The most commonly grown grains in the world are: maize (corn), wheat, rice, and barley. These four crops together provide over 60% of the world’s food energy (FAO Staple Foods). And because they are so common, you can easily find these foods to buy and add to your stored food supply. Cornmeal, wheat berries, white rice, and pearled barley all keep fairly well in storage. So if you are going to grow some of your own food, you might want to consider growing other types of grains, to supplement your stored foods.
This post will review 5 less common grain crops: buckwheat, millet, sorghum, spelt, and teff.
Despite the name, buckwheat is not related to wheat and is not a true cereal crop. Like amaranth and quinoa, buckwheat is an achene; it is a small hardened fruit containing a single seed. However, it is called a pseudo-cereal because it has the nutritional and culinary qualities of a cereal.
Buckwheat flour is high in carbs (70.59%) and high in protein (12.62%). It has about the same protein content as wheat, but with a better essential amino acid profile. Wheat is low in lysine, but buckwheat is a complete protein, offering ample amounts of all essential amino acids including lysine. The flour is only 3% fat, and is a good source of fiber (10%).
Buckwheat flour can be added to bread recipes or other baked goods. Pancakes made with buckwheat are delicious. Buckwheat can even be used to make a type of pasta called “soba” (How to Make Soba Noodles ). The pasta can be made with 100% buckwheat flour, but it is easier to make with a mix of buckwheat and wheat flours.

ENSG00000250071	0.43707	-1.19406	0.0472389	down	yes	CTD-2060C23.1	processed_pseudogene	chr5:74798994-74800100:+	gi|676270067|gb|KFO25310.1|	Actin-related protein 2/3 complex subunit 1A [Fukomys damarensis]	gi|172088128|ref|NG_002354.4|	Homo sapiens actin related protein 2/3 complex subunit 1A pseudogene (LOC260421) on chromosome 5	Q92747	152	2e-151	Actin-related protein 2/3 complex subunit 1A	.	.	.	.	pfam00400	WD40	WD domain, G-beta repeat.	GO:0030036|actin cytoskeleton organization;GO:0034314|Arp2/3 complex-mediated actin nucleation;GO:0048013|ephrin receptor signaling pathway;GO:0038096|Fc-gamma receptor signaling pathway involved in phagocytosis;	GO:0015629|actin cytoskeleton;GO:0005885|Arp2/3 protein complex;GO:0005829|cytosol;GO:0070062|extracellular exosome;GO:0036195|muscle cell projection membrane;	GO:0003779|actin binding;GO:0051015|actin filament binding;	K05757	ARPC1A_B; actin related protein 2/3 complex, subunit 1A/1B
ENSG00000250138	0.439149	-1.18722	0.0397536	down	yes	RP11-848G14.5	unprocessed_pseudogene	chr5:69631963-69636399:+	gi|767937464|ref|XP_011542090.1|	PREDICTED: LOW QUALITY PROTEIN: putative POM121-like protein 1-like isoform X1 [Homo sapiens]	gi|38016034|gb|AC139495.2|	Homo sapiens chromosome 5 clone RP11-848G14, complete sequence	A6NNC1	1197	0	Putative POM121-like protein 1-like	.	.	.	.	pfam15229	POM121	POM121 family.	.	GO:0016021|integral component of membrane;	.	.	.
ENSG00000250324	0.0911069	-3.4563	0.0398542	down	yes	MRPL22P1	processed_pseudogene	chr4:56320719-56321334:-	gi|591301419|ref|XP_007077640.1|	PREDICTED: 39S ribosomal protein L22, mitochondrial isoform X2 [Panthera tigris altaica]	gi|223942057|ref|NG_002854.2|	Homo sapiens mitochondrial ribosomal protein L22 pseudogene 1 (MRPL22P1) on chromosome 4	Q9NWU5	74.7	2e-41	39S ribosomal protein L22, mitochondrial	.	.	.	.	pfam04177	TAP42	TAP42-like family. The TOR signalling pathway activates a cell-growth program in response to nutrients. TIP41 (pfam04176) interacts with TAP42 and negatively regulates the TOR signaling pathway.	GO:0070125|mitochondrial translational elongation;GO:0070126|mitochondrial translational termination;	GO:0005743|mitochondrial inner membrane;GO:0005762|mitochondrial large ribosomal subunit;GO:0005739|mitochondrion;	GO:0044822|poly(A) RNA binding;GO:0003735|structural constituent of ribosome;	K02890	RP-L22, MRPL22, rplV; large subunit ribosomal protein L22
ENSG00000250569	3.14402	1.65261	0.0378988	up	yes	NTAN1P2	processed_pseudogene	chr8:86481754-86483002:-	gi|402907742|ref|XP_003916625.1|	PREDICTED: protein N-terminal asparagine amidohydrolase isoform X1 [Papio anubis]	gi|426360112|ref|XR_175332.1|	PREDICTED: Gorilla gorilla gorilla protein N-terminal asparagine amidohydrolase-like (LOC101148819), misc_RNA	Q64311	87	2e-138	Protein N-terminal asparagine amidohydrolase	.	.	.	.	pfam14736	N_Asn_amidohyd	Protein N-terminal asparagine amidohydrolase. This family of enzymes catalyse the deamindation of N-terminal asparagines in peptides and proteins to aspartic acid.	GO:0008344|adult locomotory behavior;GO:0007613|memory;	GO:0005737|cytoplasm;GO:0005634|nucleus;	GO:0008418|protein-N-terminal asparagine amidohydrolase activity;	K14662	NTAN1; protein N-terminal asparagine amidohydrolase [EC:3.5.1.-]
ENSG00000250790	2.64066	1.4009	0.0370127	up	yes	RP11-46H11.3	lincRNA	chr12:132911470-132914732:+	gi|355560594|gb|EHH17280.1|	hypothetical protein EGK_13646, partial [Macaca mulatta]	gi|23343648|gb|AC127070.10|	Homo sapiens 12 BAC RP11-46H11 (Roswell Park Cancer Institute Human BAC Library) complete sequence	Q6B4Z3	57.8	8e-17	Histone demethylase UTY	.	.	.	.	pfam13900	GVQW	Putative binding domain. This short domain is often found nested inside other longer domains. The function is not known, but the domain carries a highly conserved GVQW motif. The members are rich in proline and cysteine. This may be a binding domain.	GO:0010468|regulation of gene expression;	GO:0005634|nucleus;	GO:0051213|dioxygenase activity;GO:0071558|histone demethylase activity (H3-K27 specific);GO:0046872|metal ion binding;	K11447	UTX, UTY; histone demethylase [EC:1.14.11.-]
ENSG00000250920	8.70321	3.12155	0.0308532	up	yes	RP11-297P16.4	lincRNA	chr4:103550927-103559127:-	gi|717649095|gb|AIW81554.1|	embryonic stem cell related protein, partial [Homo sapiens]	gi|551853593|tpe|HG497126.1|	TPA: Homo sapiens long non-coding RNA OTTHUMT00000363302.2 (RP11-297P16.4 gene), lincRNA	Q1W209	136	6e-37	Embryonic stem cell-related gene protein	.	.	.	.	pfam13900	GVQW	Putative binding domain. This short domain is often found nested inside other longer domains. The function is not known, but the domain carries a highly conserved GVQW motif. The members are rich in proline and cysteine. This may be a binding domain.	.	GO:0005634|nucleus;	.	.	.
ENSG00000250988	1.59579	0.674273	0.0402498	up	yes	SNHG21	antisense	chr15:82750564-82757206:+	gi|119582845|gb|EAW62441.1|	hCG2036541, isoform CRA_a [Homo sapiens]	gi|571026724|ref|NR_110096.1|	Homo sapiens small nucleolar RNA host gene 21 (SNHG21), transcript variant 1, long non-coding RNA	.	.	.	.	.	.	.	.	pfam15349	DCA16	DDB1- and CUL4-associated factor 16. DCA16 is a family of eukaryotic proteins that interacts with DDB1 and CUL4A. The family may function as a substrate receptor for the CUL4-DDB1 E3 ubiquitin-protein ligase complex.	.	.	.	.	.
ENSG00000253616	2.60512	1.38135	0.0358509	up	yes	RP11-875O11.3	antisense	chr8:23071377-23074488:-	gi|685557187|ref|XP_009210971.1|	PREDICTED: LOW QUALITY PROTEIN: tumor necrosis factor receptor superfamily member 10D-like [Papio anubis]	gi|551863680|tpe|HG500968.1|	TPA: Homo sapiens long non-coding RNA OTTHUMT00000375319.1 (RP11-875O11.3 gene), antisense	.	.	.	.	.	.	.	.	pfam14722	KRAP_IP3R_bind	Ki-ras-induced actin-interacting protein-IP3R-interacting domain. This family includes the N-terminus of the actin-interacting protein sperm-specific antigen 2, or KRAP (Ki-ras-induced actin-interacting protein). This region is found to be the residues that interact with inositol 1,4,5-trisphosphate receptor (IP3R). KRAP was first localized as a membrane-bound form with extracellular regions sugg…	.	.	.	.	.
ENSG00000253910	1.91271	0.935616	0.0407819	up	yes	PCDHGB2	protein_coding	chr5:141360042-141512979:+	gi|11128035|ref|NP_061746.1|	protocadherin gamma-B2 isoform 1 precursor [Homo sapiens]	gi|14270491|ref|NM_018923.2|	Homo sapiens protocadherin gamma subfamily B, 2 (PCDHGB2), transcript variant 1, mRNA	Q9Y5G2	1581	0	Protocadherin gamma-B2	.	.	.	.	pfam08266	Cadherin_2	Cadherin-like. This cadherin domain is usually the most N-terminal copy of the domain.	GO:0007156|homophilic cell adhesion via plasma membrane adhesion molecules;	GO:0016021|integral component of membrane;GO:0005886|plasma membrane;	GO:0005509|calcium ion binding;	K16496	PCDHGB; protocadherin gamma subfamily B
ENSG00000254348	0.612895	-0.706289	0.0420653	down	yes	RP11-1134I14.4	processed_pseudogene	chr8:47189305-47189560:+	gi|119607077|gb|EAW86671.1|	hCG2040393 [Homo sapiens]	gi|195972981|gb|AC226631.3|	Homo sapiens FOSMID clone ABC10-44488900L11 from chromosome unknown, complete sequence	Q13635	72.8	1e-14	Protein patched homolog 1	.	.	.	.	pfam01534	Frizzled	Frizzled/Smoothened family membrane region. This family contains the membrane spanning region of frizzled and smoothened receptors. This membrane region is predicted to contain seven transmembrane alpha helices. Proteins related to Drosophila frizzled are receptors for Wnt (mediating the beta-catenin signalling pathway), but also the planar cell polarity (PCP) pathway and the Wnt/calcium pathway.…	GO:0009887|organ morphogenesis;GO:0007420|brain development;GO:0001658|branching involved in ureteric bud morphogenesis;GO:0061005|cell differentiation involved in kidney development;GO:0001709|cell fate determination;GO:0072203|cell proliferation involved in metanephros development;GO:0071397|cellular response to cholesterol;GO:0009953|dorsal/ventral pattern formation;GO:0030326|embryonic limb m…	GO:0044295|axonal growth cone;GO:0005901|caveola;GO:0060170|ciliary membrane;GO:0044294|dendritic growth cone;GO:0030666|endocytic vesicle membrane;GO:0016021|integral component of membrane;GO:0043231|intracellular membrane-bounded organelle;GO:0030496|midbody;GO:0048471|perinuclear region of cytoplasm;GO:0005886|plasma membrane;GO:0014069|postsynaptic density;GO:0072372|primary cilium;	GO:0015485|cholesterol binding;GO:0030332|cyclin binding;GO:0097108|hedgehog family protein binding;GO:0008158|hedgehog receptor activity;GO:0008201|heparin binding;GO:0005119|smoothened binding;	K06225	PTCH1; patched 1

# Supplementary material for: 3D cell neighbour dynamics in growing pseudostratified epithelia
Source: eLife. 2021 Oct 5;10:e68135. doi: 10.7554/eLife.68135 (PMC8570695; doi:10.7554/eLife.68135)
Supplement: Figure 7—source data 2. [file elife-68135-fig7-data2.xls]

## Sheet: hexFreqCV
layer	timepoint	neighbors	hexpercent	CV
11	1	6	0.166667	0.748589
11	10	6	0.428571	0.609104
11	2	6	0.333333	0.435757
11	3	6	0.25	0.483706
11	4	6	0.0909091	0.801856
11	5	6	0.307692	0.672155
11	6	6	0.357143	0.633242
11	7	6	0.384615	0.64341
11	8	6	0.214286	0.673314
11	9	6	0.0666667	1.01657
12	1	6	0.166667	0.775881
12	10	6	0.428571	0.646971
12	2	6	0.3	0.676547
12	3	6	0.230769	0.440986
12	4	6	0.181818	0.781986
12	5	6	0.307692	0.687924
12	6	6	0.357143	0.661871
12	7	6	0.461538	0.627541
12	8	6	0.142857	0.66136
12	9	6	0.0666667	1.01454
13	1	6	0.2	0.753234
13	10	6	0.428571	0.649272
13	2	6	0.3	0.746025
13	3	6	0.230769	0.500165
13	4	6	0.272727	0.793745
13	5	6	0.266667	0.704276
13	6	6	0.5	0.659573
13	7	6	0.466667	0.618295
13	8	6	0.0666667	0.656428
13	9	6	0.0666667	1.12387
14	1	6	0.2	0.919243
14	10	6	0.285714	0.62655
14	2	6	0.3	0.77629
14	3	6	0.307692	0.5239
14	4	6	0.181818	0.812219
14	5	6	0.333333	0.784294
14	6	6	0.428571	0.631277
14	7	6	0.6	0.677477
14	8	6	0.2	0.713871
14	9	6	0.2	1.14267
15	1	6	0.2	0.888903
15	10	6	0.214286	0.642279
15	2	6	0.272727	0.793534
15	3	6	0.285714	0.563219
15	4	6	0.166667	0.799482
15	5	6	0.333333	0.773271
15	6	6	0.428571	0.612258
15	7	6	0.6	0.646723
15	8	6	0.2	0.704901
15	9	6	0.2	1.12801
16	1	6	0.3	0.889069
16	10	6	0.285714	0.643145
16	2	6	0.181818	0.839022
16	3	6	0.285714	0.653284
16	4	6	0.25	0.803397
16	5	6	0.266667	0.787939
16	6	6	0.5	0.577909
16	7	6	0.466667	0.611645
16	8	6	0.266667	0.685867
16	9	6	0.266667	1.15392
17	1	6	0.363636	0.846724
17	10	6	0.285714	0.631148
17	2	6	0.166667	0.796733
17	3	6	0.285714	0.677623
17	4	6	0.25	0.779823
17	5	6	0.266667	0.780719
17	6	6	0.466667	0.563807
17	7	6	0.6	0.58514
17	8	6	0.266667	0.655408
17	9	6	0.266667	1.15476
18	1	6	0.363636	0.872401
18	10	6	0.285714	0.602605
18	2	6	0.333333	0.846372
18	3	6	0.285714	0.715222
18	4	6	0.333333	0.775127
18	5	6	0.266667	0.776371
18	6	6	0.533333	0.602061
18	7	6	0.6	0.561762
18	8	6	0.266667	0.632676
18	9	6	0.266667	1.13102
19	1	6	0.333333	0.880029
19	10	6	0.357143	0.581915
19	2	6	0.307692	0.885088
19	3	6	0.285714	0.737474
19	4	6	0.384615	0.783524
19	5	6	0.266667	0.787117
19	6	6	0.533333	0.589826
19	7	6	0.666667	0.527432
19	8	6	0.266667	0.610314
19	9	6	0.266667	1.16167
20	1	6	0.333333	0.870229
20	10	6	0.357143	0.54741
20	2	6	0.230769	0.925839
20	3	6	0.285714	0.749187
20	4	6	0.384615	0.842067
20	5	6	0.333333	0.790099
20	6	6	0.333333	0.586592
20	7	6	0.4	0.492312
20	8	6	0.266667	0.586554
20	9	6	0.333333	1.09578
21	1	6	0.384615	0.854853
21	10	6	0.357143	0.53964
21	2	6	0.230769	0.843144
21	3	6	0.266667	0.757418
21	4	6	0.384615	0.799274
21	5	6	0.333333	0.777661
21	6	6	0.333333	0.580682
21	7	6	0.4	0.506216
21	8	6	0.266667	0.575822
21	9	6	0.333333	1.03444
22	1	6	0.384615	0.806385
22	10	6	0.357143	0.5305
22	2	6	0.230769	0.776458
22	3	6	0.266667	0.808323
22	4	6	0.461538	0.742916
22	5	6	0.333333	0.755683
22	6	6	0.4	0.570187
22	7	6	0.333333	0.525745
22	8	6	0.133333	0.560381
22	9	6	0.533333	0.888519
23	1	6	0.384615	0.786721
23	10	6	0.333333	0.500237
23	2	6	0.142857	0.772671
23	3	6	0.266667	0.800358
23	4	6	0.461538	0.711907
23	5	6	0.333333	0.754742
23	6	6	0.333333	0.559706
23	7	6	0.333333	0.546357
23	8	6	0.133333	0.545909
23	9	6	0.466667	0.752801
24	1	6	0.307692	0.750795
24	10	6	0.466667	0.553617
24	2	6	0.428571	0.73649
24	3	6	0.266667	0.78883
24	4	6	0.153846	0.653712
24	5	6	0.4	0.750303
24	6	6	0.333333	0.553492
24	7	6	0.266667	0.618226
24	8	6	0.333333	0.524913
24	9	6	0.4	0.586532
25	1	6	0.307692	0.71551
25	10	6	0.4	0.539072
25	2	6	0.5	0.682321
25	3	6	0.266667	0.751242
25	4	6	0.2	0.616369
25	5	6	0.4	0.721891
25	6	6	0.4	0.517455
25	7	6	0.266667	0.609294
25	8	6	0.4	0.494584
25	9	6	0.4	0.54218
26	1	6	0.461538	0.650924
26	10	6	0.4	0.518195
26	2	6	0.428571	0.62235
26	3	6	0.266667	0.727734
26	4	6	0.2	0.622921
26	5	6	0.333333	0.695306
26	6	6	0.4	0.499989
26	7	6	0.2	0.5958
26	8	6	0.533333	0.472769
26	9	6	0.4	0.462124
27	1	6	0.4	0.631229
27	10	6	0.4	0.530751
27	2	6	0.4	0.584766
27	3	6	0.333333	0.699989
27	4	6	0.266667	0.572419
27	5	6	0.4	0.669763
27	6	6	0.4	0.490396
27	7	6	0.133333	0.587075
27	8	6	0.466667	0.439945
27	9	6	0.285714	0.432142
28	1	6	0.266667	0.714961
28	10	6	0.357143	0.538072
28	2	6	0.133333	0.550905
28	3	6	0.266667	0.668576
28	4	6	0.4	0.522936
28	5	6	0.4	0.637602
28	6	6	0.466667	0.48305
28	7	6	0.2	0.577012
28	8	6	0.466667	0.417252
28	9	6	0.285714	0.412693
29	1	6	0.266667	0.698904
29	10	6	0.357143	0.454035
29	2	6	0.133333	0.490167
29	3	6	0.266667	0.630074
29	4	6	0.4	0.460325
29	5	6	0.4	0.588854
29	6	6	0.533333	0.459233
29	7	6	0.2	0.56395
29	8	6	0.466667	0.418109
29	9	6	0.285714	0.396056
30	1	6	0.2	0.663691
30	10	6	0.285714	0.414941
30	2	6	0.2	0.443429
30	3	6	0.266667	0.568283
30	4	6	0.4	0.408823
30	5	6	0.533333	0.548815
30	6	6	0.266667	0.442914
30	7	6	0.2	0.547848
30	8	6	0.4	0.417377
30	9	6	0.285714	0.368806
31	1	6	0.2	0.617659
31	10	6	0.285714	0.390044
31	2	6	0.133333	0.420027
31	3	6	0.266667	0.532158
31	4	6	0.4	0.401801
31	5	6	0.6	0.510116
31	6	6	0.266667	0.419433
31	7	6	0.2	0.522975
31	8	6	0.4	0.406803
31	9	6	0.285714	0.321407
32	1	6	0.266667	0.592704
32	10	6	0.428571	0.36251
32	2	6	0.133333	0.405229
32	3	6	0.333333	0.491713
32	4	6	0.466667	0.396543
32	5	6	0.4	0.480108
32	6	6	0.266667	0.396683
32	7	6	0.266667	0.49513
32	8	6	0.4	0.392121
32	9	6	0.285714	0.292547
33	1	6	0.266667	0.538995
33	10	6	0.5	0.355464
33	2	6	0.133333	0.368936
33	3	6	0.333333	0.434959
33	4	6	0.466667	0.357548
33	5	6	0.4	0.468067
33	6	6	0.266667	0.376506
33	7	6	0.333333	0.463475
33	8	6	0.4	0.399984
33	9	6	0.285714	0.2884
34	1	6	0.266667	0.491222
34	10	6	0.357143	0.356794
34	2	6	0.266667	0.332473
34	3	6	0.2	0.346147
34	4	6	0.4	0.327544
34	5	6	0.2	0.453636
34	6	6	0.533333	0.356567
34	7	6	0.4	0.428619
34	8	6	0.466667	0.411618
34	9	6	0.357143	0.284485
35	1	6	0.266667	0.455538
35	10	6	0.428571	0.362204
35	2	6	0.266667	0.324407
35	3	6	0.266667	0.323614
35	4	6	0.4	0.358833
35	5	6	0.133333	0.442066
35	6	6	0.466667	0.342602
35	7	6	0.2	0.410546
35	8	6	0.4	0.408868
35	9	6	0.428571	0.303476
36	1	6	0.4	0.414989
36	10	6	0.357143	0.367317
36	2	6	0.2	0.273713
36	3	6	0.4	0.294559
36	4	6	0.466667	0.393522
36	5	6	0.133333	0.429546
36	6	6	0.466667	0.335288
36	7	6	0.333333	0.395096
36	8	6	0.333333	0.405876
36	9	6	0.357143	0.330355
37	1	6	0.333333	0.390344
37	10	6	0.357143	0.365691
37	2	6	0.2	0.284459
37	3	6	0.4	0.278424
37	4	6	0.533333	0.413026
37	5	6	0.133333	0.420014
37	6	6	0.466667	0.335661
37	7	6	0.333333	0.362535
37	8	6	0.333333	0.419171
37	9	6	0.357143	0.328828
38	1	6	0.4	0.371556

Growing buckwheat is no more difficult than other grains. The crop is not at all frost tolerant. It prefers moist and cool weather, but excess rain may cause lodging (when the plant falls over and gets stuck in the soil). Unlike amaranth and quinoa, buckwheat has a hull that must be removed prior to eating. Some of the newer cultivars are easier to hull. Yields are around 1,000 lbs/acre. More on growing buckwheat here.
There are several different types of millet grown as grains: proso millet, finger millet, foxtail millet, barnyard millet, and pearl millet. Of these five, peal millet is the most commonly grown. It is about 11% protein and has ample amounts of all essential amino acid, except lysine.
These different types of millet offer a certain advantage over other grains. Millet matures more quickly than other grains, reaching maturity in only 60 to 90 days. The plant also requires little water. Millet grows well with few inputs, i.e. with little fertilizer, water, etc.
“Proso plants generally mature between 60-90 days after planting and can be grown successfully in poor soil and hot dry weather. Proso is an easy crop to grow and it seems to be better adapted than most crops to primitive agricultural practices…. Proso millet requires very little water, possibly the lowest water requirement of any cereal, and converts water most efficiently to dry matter/grain….” (Progress in new crops)
Finger millet offers the advantage of keeping very well in storage. Barnyard millet is one of the fastest growing grains, reaching maturity in as little as 6 to 8 weeks. More on growing millet here.